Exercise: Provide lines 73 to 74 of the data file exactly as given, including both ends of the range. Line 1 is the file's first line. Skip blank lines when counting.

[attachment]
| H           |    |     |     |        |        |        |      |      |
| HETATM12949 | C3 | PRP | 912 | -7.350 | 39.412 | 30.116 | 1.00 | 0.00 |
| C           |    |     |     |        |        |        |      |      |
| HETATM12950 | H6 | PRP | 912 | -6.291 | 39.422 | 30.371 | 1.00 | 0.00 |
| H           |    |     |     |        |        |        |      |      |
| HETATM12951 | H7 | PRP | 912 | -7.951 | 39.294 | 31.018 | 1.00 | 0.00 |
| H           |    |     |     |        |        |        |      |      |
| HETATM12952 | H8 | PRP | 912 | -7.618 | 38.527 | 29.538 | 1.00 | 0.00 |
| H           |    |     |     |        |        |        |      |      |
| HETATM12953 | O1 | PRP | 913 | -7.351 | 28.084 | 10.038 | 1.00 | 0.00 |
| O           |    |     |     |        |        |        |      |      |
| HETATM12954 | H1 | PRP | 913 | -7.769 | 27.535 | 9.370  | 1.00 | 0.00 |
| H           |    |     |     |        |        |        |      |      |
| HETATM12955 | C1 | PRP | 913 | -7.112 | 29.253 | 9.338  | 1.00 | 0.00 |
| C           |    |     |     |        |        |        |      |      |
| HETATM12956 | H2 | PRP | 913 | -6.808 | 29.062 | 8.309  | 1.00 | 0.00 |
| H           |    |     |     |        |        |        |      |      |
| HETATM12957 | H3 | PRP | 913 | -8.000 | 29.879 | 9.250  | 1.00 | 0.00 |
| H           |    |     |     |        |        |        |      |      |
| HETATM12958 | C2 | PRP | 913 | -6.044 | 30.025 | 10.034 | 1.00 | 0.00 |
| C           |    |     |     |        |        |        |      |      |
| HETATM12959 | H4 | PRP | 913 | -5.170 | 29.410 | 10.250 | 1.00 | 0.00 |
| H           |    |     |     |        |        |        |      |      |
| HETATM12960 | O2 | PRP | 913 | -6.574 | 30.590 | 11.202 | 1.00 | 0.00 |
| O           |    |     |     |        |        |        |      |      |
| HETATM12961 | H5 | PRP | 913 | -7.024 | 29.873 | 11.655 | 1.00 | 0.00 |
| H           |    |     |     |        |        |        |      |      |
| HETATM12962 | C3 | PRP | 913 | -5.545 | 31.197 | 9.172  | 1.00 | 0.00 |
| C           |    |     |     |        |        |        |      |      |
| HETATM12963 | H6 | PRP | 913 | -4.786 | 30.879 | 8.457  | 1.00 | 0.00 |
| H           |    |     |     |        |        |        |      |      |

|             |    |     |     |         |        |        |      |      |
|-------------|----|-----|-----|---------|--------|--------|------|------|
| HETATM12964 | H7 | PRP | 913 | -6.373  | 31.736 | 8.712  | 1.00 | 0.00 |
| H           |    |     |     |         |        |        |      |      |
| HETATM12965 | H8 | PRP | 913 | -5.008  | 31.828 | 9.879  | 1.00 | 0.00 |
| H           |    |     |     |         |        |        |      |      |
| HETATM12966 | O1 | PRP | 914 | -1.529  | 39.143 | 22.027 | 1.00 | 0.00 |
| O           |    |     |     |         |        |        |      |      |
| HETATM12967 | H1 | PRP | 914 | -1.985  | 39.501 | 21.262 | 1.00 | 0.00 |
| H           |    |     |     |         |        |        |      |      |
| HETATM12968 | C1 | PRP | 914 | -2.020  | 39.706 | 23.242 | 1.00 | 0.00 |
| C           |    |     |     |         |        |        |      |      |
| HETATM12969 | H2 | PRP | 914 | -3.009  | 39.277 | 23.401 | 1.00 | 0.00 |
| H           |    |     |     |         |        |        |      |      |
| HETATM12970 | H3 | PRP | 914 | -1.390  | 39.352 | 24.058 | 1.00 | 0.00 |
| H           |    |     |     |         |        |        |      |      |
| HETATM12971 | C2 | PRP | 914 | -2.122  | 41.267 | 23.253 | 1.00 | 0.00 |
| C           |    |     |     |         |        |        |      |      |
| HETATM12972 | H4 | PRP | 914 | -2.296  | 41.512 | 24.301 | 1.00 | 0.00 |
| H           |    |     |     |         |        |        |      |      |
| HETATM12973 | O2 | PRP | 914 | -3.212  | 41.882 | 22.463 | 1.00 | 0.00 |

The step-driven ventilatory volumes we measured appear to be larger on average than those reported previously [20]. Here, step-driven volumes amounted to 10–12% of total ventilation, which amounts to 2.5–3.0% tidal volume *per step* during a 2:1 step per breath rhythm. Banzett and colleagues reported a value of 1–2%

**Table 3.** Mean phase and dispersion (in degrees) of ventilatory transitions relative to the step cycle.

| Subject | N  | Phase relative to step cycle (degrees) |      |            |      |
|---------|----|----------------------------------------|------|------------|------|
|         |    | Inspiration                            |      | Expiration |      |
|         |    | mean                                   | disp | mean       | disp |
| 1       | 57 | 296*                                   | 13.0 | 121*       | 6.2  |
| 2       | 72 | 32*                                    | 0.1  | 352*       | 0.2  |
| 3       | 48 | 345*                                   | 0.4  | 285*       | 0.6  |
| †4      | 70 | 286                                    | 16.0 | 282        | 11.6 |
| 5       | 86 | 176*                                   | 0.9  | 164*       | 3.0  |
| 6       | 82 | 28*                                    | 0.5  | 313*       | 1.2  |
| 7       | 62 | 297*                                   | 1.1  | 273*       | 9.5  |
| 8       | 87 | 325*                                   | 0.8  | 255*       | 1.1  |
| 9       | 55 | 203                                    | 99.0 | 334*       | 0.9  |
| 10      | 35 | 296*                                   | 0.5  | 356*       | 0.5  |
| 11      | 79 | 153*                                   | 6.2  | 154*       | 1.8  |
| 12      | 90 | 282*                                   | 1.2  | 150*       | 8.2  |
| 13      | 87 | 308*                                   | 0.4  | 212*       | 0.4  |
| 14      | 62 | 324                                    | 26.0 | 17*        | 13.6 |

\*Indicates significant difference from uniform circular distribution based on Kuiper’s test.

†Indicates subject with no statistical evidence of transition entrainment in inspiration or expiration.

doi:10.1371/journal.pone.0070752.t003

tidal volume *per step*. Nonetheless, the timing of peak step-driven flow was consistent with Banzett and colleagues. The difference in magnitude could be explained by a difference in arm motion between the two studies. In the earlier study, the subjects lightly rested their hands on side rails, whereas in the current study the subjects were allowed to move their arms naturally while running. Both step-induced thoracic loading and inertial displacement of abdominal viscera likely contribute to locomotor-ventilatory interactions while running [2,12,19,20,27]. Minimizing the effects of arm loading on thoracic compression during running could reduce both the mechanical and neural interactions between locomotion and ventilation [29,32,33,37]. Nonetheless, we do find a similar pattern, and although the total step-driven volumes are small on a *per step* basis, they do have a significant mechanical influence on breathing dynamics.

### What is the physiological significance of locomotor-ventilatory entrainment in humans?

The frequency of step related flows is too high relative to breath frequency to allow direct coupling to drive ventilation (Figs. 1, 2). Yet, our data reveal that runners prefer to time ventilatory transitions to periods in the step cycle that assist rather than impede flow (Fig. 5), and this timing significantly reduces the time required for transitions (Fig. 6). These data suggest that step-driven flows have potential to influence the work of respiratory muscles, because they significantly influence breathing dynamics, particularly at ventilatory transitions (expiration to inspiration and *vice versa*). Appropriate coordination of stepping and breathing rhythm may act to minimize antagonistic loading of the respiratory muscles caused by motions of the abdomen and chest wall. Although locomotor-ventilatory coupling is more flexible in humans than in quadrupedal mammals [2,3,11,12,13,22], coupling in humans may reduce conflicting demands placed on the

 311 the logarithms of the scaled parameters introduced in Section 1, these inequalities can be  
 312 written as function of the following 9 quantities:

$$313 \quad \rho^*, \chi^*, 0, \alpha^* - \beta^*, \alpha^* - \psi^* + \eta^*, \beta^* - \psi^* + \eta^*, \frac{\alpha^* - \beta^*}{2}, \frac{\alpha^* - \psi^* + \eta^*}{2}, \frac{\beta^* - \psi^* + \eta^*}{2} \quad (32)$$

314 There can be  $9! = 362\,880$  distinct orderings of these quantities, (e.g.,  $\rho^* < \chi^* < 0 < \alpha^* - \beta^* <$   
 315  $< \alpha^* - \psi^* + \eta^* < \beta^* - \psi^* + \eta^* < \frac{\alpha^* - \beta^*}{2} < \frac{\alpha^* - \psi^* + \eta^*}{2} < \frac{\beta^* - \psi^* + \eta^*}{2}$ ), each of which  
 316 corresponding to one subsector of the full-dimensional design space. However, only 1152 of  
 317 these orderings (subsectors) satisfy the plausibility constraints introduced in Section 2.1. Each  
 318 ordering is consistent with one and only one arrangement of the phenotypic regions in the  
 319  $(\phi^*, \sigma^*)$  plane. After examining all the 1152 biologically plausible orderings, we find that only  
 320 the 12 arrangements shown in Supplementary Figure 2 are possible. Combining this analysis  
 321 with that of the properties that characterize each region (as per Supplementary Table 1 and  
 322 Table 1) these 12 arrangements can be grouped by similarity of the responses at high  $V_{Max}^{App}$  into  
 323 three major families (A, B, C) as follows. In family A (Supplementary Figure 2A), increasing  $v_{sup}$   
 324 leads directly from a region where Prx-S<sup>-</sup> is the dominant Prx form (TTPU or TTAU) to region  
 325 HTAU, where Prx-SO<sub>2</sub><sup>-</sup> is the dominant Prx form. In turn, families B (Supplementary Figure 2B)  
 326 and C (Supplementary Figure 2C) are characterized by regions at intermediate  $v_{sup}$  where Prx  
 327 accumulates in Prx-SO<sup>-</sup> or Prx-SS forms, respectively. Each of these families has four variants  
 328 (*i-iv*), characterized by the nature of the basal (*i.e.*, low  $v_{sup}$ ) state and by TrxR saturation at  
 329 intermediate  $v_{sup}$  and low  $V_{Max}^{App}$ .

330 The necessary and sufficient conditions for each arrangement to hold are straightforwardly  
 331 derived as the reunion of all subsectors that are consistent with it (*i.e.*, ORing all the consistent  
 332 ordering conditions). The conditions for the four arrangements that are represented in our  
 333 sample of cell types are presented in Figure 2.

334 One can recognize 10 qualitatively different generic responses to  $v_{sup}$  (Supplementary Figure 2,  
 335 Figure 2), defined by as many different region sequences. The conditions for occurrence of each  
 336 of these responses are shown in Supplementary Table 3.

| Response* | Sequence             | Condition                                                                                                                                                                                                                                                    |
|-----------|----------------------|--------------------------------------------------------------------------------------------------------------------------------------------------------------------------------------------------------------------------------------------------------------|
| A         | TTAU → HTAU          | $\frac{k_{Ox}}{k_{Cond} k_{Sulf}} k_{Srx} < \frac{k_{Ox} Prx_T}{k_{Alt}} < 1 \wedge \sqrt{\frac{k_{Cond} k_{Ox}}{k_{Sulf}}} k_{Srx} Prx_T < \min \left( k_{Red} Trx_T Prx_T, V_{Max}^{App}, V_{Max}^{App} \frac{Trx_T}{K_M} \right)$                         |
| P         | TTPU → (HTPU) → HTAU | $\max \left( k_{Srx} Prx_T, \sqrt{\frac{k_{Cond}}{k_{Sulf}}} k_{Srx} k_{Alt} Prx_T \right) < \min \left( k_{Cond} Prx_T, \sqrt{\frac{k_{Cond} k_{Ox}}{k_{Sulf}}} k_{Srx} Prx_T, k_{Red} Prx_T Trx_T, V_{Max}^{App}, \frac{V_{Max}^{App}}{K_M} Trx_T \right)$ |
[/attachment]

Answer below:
\*Indicates significant difference from uniform circular distribution based on Kuiper’s test.

†Indicates subject with no statistical evidence of transition entrainment in inspiration or expiration.